Vindomora

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Vindomora
B6309 Staggered Crossroads at Ebchester - geograph.org.uk - 2187419.jpg
Modern village of Ebchester, and approximate site of Vindomora
Vindomora is located in County Durham
Vindomora
Red pog.svg Vindomora shown within County Durham
Known also as Ebchester Roman Fort
Place in the Roman world
Province Britannia
Stationed military units
Cohorts
IV Breucorum
Location
Coordinates 54°53′38″N 1°50′19″W / 54.8940°N 1.8385°W / 54.8940; -1.8385
Place name Ebchester
County County Durham
Country England
Reference
UK-OSNG reference NZ103555

Vindomora was an auxiliary fort on Dere Street, in the province of Lower Britain (Britannia Inferior). Its ruins, now known as Ebchester Roman Fort, are situated at Ebchester (grid reference NZ103555) in the English county of Durham, to the north of Consett and 12 miles (19 km) west-south-west from Newcastle upon Tyne.[1]

History[edit]

Vindomora is situated in between the forts of Corstopitum (Corbridge) and Bywell to the north/west north, and Longovicium (Lanchester) to the south. It is located on Dere Street, the main Roman road linking Eboracum (York) with Hadrian's Wall and its surrounding areas. Its position also protected the river Derwent. It is about 13 miles (21 km) south of Hadrian's wall, and was built at the foot of a long descent, sloping towards the north, scattered along the edge of a still deeper declivity, which overhangs the green low-lying meadow of the river valley of the Derwent.[2]

The name Vindomora has been mistakenly understood to signify in Latin "The edge of the Black Moor", perhaps due to the resemblance of "-mora" to the Latin maura (black/dark), or End of the Hill; however, the name is clearly British, with the first part being the windo- (vindo-) "fair/white" found wherever Celts lived. When the Romans had departed from the land, it received the name it now bears which is identical with "Upchester", and signifies "The Camp on the Height. The main road through Ebchester is appropriately named Vindomora road."[3] The fort is only mentioned in the Antonine Itinerary.

Little remains to be seen of the fort as the town of Ebchester was built directly on top of the fort, unlike the successors of many other Roman towns, which are generally situated at a little distance from the ancient sites. In Ebchester Roman ramparts, altars and remains of all kinds are mingled in singular confusion with the gardens, cottages, roads and St.Ebba's Church. Immediately after the Roman departure, the area was reoccupied by woodland.[4] Parts of the rampart are still visible near the post office, and some excavated ruins. Despite more recent construction on the site, a few legionary building stones and small altars have been recovered, enabling archaeologists to identify which units garrisoned the fort.[4]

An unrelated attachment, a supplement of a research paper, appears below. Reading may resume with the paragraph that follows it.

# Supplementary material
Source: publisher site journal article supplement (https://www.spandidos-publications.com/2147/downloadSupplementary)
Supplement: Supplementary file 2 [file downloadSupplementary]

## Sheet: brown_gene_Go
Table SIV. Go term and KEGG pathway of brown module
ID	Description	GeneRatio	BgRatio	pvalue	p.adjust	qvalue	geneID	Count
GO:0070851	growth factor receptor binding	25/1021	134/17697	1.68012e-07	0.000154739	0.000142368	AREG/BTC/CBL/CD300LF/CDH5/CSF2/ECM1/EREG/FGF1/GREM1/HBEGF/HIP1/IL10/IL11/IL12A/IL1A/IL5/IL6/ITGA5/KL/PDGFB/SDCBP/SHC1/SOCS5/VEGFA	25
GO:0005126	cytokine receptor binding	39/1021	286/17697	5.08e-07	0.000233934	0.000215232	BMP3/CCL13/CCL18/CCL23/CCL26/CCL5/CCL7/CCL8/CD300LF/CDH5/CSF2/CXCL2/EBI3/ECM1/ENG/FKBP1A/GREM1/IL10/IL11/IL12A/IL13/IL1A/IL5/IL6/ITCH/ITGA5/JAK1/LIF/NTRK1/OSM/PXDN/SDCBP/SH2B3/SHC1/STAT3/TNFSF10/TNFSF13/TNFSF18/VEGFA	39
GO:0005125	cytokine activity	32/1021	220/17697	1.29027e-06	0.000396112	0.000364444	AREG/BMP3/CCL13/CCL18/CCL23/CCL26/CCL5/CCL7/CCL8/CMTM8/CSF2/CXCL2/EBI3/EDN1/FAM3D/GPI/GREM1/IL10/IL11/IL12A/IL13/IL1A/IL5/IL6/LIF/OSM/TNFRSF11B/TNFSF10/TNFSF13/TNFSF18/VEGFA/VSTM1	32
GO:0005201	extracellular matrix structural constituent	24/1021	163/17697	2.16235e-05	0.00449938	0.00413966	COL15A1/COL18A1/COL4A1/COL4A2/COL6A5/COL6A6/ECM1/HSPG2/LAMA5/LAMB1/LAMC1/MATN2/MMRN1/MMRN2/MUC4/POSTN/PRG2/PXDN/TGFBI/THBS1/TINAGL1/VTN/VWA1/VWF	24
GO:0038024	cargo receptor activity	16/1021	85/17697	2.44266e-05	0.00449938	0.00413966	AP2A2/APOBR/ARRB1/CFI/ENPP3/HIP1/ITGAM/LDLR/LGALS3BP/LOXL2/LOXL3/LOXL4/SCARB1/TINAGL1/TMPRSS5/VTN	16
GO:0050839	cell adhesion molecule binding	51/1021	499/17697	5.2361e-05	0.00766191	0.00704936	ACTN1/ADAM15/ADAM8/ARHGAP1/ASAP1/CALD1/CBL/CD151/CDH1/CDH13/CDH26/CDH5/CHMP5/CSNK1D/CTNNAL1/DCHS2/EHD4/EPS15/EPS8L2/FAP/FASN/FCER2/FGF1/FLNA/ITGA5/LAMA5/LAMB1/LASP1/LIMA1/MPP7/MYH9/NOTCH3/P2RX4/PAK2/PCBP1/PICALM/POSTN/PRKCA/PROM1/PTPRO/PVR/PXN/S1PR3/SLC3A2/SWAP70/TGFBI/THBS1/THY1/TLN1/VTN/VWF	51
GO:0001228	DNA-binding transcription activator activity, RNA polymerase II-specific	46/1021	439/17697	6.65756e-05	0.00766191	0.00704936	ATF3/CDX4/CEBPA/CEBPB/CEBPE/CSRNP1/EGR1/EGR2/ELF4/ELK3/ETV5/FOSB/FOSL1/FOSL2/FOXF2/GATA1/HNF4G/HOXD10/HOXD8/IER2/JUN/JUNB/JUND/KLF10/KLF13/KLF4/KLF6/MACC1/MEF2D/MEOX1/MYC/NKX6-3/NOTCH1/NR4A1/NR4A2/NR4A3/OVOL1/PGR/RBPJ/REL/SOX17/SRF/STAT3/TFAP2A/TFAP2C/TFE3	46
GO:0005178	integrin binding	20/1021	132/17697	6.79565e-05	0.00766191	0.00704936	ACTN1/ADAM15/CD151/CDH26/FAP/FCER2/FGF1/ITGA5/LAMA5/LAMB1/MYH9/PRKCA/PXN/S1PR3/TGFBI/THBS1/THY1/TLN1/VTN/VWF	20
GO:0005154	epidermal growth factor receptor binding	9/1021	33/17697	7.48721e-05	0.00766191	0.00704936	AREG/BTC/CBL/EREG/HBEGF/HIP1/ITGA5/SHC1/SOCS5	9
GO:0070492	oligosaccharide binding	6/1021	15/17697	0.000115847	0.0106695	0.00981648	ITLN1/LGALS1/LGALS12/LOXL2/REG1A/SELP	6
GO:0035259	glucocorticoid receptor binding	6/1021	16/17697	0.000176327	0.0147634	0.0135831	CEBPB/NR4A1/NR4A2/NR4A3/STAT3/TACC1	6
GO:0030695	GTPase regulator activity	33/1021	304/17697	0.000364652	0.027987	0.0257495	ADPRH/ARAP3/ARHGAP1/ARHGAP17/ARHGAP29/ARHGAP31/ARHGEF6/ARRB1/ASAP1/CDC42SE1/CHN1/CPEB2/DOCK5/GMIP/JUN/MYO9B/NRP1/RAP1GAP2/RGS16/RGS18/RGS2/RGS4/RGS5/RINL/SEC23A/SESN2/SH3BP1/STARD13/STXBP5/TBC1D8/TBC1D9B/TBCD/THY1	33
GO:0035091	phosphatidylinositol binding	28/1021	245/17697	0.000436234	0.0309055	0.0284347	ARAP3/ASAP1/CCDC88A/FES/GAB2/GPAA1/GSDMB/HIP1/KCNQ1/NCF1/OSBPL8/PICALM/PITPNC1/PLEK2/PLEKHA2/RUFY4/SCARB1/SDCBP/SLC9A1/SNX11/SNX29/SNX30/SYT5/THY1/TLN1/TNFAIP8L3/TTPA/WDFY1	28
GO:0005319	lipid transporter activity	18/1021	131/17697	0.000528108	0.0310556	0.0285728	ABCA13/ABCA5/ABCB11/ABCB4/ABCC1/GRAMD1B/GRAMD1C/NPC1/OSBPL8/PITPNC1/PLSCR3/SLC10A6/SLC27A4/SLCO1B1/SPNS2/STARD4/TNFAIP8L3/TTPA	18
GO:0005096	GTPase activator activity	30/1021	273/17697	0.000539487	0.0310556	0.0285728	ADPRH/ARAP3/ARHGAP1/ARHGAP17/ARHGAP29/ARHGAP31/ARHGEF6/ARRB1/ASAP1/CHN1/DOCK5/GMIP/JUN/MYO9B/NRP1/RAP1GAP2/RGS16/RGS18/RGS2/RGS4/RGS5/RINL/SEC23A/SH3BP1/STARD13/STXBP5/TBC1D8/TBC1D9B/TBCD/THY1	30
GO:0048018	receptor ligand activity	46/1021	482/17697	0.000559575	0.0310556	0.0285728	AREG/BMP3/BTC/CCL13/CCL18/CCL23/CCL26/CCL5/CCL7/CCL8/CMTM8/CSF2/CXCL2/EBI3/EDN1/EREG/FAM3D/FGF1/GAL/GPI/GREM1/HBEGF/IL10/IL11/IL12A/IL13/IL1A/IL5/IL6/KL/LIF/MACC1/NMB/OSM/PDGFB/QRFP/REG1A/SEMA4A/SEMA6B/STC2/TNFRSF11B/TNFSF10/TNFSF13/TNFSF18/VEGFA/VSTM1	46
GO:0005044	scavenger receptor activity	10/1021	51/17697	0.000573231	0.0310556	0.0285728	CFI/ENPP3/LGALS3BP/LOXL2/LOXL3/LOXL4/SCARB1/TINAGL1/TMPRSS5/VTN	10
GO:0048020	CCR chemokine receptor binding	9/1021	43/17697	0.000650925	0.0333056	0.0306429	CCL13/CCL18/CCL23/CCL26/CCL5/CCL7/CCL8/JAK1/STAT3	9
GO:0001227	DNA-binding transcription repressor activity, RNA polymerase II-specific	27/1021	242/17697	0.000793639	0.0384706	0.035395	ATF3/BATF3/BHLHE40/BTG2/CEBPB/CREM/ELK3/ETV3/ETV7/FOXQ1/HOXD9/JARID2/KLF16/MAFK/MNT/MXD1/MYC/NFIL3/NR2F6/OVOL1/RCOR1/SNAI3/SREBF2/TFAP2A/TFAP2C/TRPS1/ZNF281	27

It is postulated there would be a road from Vindomora to Washing Wells (Wickham, Tyne and Wear), but this remains to be discovered. Also, recent discoveries at Bywell by Raymond Selkirk seem to suggest that Dere Street carried on to Bywell, and not to Corstopitum (Corbridge) as previously thought. Another road left to Whittonstall to the north-west and then possibly either to Corbridge (the path previously assumed to be Dere Street) or Hexham (which possibly contained a fort). Other finds at Cong Burn near Concangis (Chester-le-Street) to the east suggest these two forts were also linked by a road and bridge over the Cong Burn.

Gods worshipped included a typical mixture found at Auxiliary forts of classical Roman and Germanic/Celt Gods. Two altars name the ancient Germanic ancestor-god Vitiris, and one altar to a genius loci, a sort of presiding spirit in the local area.[5] Roman war deities Mars and Minerva were also worshipped. A Vernostonus Cocidius was apparently a conflation of two Germanic war Gods.

Garrison[edit]

Legionary stones recovered identify a Fifth Cohort as building the fort, but unfortunately give no clue as to the parent legion. This however cannot be taken as evidence of occupation because all Roman auxiliary forts were actually built by the highly trained legionaries, and not entrusted to the peregrine auxiliary soldiers who were to garrison the completed camp.[3] The stones also identify the names of Centurions responsible for the construction work, and later restoration work done by auxiliary regiments at the time of the Scottish campaigns by emperor Severus.[3]

The first unit proven to garrison Ebchester is the Cohors Quartae Breucorum Antoninianae (The Fourth Cohort of the Breuci: Antonine's Own), identified from an early 3rd century altar. They were a nominally 500-strong infantry regiment, although usually the number was around 460 or lower. This Auxilia unit was originally levied from amongst the Breuci tribe of Pannonia Inferior, natives of the Bosna valley in northeastern Bosnia-Herzegovina. This unit was also possibly present at Lavatris (Bowes, Durham), but the inscription is too damaged to read accurately.

See also[edit]

References[edit]

  1. ^ GENUKI - Ebchester
  2. ^ North East History
  3. ^ a b c Vindomora
  4. ^ a b EBCHESTER ROMAN FORT , Investigation History
  5. ^ Reed, A.H. and Maxfield, V. 1973. 'Vindomara, Roman Fort' Council for British Archaeology Group 3 Bulletin 4, 6-8

External links[edit]

Further reading[edit]

  • Reed, Harper & Dodds, 1964. ' Excavations at Echester in 1962-3' Archaeologia Aeliana (4th Series) 32, 173-185
  • Reed, A.H. and Maxfield, V. 1973. 'Vindomara, Roman Fort' Council for British Archaeology Group 3 Bulletin 4, 6-8
  • Reed, A.H. Vindomora; The Roman Fort At Ebchester Village (Ebchester)